This week marked the 23rd anniversary of welfare reform, a law that ripped a hole in the nation’s safety net under the guise of encouraging personal responsibility among poor families. The nonpartisan Center on Budget and Policy Priorities has marked the anniversary with a look back at how low-income families have fared under the “reform,” and it isn’t heartening.
Very few eligible poor families now receive cash benefits compared with 23 years ago. Overall, CBPP estimates that the Temporary Assistance for Needy Families program could be serving 2.5 million more families living below the poverty line than it does now. Some states are worse than others on this front. At the very bottom end of the scale are Louisiana and Texas, where according to CBPP, only four out of every 100 eligible families receives cash assistance from TANF. If Louisiana served the same percentage of poor families as it did in 1996, nearly 70,000 families in the state would have received assistance in 2017. Instead, only about 6,000 did. In Texas, the caseload would have been well over 250,000 families. Instead, only 25,000 Texas families received TANF in 2017.
The reason for the large drop in the number of poor families benefiting from TANF is pretty simple. In 1996, Congress passed legislation to eliminate the old Aid to Families with Dependent Children program, which provided cash benefits mostly to poor, single mothers. As an entitlement program, the AFDC program budget adjusted automatically to meet the need, so it didn’t require an act of Congress to increase benefits during a recession. But by the mid-1990s, it had become hugely controversial and plagued with false, racist stereotypes about layabout welfare recipients supposedly living large on the public dime.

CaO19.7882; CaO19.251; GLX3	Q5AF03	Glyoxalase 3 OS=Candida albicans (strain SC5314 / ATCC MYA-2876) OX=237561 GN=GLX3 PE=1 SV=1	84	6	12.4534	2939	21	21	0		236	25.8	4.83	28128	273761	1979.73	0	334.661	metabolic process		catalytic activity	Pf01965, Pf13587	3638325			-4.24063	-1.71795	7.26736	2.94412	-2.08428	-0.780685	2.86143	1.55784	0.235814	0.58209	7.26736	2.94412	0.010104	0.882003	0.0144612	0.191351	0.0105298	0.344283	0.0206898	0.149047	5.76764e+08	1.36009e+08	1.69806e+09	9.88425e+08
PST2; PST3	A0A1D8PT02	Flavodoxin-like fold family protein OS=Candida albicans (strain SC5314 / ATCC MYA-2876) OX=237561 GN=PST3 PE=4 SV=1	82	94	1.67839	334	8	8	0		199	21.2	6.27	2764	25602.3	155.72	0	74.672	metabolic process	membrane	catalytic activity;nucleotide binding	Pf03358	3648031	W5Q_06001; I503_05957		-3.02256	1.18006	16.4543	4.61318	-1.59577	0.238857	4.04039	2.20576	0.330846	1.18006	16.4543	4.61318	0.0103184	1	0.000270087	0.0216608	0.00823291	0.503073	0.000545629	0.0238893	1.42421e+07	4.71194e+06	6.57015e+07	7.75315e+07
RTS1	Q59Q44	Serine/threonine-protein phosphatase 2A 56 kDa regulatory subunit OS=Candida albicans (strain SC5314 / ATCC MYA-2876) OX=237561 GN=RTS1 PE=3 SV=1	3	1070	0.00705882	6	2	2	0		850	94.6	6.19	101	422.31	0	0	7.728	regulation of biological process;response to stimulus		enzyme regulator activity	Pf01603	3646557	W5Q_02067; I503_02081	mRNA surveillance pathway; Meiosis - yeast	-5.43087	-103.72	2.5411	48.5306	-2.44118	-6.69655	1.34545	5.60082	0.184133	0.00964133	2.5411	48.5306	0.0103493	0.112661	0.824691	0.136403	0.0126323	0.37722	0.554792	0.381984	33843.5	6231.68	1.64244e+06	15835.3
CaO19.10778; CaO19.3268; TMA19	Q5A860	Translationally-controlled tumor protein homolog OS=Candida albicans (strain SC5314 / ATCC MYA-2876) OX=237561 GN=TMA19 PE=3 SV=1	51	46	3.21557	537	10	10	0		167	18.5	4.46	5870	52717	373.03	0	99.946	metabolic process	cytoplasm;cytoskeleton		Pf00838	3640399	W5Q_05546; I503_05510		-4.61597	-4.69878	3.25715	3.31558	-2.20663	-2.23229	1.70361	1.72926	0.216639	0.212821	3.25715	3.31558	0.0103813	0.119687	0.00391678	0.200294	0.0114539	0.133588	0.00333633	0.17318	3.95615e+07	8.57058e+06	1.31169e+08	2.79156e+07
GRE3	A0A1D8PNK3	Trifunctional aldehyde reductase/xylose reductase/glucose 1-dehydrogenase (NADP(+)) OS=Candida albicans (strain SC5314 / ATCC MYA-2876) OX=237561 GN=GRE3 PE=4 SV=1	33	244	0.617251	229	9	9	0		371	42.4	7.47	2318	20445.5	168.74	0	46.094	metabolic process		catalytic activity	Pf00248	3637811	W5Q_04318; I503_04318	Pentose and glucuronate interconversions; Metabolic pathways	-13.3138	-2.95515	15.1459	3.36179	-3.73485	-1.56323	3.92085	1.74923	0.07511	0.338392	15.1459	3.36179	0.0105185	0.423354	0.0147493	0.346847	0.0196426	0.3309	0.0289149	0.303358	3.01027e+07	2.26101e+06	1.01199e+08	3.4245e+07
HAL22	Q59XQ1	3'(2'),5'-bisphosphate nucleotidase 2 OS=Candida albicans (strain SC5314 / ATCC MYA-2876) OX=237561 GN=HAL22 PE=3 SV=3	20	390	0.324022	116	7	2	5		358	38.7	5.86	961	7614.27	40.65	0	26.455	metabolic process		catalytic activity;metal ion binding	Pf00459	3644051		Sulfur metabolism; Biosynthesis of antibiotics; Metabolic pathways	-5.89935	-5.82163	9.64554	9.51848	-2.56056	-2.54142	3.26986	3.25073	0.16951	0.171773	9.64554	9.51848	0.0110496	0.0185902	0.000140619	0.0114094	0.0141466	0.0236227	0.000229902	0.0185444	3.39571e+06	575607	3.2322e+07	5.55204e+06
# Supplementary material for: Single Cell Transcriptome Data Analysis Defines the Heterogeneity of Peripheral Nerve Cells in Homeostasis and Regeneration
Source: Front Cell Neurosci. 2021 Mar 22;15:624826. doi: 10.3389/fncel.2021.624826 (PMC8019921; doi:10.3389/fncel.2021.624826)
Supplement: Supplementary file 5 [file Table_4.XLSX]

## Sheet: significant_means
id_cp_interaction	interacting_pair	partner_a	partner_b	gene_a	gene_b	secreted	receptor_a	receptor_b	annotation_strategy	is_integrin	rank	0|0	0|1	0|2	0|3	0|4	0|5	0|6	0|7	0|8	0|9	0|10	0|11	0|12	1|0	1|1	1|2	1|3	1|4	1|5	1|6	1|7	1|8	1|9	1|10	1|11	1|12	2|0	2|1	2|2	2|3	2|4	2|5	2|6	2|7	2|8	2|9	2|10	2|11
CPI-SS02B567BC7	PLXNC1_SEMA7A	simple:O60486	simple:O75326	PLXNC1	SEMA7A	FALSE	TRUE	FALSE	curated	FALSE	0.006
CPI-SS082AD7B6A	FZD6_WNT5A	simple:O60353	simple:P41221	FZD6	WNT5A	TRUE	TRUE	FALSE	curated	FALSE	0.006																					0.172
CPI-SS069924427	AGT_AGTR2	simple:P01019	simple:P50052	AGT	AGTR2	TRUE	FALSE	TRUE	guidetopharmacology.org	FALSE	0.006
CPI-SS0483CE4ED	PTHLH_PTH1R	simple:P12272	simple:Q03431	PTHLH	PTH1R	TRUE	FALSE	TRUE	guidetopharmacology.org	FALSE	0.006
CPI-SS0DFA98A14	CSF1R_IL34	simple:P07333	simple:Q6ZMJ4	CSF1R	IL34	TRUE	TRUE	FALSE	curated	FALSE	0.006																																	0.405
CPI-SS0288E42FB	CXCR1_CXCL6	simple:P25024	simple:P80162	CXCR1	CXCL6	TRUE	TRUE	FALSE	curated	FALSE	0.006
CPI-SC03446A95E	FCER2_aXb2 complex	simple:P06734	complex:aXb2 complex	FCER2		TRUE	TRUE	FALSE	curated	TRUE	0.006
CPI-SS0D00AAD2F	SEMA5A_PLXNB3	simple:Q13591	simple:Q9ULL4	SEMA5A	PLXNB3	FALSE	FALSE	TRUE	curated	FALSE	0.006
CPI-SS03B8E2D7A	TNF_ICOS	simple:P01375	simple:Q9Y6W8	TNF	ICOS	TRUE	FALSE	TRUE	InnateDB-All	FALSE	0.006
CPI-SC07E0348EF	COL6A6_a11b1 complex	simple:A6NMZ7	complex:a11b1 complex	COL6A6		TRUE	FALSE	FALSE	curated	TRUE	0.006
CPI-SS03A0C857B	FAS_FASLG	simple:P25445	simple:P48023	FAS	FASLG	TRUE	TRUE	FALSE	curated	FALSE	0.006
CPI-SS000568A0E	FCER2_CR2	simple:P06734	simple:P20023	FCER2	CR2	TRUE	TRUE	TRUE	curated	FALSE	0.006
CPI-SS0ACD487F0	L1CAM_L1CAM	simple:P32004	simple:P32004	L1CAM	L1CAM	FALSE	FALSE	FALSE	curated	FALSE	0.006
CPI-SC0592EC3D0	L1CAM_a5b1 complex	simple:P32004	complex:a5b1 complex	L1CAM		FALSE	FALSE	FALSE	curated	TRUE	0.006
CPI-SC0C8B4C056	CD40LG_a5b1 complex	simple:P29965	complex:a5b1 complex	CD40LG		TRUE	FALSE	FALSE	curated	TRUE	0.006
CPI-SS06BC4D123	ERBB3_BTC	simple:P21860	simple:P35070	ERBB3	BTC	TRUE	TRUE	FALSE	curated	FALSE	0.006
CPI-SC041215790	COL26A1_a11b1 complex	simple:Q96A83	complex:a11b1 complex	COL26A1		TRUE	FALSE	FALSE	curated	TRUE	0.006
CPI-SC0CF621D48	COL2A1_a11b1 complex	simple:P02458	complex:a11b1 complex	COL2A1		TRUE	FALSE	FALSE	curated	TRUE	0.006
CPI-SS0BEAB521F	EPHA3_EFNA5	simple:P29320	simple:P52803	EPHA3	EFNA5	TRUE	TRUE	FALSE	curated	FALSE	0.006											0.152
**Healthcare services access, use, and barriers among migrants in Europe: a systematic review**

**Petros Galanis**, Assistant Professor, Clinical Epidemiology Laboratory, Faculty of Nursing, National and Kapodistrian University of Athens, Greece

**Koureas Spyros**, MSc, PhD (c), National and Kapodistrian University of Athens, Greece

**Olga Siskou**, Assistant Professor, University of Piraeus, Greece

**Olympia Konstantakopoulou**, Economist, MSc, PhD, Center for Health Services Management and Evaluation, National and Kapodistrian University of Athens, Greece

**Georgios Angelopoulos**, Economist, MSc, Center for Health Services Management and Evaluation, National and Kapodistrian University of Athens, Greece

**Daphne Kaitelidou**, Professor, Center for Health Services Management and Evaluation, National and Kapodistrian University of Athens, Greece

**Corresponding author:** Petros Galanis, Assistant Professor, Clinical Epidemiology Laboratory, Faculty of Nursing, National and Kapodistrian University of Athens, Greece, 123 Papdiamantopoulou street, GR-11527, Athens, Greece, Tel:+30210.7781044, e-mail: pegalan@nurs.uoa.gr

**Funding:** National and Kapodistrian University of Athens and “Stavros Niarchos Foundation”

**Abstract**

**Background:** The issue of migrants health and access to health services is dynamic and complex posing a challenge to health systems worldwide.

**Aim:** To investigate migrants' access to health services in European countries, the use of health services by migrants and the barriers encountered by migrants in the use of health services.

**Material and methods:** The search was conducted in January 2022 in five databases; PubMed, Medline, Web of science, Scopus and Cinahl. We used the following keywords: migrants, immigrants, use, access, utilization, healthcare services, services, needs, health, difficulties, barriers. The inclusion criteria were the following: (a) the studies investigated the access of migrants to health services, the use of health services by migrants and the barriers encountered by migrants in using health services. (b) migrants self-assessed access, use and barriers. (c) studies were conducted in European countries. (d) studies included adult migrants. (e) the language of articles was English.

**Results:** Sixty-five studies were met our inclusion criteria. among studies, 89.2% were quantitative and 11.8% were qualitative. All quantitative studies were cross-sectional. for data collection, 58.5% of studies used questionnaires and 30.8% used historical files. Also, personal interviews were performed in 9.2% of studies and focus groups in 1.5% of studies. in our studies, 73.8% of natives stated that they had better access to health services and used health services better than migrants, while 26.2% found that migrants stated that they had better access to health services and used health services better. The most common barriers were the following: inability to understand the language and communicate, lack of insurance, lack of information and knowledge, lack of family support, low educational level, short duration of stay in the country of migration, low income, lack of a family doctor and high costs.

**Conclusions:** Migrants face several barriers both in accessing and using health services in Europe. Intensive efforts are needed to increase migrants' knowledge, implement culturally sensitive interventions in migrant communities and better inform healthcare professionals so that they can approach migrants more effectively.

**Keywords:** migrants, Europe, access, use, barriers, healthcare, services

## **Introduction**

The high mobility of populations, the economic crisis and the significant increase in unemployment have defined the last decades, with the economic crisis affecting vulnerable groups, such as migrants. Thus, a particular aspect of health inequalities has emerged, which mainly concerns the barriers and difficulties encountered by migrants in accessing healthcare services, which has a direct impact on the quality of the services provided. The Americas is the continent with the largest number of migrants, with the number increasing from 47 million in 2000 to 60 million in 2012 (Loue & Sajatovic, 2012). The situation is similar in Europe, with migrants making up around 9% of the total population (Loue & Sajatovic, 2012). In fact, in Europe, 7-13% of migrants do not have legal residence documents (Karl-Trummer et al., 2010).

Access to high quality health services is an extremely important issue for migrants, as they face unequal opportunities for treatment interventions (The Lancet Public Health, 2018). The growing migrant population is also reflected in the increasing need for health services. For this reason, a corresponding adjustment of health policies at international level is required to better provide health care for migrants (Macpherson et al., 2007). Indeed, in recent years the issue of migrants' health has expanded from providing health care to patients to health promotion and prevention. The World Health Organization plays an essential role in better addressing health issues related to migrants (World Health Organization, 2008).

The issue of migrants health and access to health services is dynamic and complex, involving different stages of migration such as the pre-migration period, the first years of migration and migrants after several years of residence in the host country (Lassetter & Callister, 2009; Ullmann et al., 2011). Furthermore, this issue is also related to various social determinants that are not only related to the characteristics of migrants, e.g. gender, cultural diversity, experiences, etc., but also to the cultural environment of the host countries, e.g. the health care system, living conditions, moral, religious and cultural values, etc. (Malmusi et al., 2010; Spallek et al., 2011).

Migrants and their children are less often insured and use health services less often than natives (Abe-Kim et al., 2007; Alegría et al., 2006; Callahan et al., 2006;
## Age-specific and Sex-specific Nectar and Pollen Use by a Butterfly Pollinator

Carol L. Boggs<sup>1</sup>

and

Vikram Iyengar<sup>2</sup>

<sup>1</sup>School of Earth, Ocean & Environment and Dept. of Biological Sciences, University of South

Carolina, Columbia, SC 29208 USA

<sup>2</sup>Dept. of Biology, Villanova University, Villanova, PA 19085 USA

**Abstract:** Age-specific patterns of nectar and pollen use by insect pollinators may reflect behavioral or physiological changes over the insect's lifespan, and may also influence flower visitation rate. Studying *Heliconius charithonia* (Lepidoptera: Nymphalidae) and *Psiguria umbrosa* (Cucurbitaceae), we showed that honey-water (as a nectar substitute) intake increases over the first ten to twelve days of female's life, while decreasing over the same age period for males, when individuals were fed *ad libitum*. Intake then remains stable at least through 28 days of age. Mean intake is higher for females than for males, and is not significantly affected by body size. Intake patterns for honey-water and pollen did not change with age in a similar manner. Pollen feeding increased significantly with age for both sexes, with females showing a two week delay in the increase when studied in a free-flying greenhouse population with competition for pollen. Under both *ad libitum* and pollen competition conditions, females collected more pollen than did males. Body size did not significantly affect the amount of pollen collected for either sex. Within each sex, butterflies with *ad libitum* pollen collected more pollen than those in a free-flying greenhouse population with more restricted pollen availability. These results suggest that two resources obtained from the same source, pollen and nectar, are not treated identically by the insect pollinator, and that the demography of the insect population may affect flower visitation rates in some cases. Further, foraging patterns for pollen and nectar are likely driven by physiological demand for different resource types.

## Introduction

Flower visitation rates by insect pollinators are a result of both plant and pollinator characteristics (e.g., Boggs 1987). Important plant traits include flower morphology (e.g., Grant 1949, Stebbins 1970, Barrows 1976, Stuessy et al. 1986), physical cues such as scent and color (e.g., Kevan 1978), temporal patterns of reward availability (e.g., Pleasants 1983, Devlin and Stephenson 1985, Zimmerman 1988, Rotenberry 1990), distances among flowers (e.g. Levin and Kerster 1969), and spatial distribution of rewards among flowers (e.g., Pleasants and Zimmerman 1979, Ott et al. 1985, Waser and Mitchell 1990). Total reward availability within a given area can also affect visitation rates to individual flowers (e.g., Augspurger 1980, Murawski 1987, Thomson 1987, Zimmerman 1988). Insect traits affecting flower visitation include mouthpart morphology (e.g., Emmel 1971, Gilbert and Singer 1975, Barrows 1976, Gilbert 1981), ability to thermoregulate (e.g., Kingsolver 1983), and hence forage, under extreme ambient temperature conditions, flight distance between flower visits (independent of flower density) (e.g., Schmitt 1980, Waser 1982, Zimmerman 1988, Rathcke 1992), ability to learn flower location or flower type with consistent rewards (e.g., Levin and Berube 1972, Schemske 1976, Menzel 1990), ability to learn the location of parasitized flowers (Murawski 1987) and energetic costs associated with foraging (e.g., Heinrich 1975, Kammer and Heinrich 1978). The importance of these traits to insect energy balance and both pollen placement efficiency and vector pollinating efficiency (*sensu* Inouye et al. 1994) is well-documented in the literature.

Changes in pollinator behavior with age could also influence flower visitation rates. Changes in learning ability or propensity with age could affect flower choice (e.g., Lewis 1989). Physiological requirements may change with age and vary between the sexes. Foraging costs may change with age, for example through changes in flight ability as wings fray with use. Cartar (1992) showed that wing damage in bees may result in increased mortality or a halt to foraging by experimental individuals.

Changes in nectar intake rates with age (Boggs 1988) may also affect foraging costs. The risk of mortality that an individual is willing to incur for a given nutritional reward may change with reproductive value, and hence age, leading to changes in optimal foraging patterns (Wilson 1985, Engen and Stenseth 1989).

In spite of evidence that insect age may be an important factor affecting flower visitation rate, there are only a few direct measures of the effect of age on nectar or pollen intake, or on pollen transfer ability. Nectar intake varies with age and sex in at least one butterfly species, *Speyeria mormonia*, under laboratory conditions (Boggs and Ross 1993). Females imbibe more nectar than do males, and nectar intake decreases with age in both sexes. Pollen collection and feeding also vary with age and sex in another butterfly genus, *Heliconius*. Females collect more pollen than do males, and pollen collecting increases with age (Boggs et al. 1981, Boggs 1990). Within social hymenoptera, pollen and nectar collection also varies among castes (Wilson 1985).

With a seal of approval from President Bill Clinton, the GOP-controlled Congress replaced AFDC with TANF, a block-grant program that gave the states a fixed amount of funding, about $16 billion, regardless of how many people were on the welfare rolls or how high the unemployment rate went. The revamped law required strict new work requirements for recipients and imposed time limits on how long someone could receive benefits. States took the opportunity to drop millions of families from the welfare rolls, all while keeping the federal money. States today spend only about a quarter of their TANF budgets on cash assistance to help poor families buy diapers, keep the lights on, and avoid evictions. The rest of the money goes into other things, including anti-abortion crisis pregnancy centers, abstinence-only sex education, and the foster care system—the very place welfare benefits were supposed to keep kids out of.
The original cuts came at a time when the economy was booming during the Clinton years, but since then, the impact of the change has become clear: TANF is doing little to alleviate poverty. That hasn’t kept Republicans from continuing to attack the program as free stuff for the underserving.
In November, President Donald Trump issued an executive order demanding that federal agencies review their welfare policies and find ways to crack down on the lazy and indolent. “Our country still struggles from nearly record high welfare enrollments,” White House adviser Andrew Bremberg said when the order was issued. “Part of President Trump’s effort to create a booming American economy includes moving Americans from welfare to work.”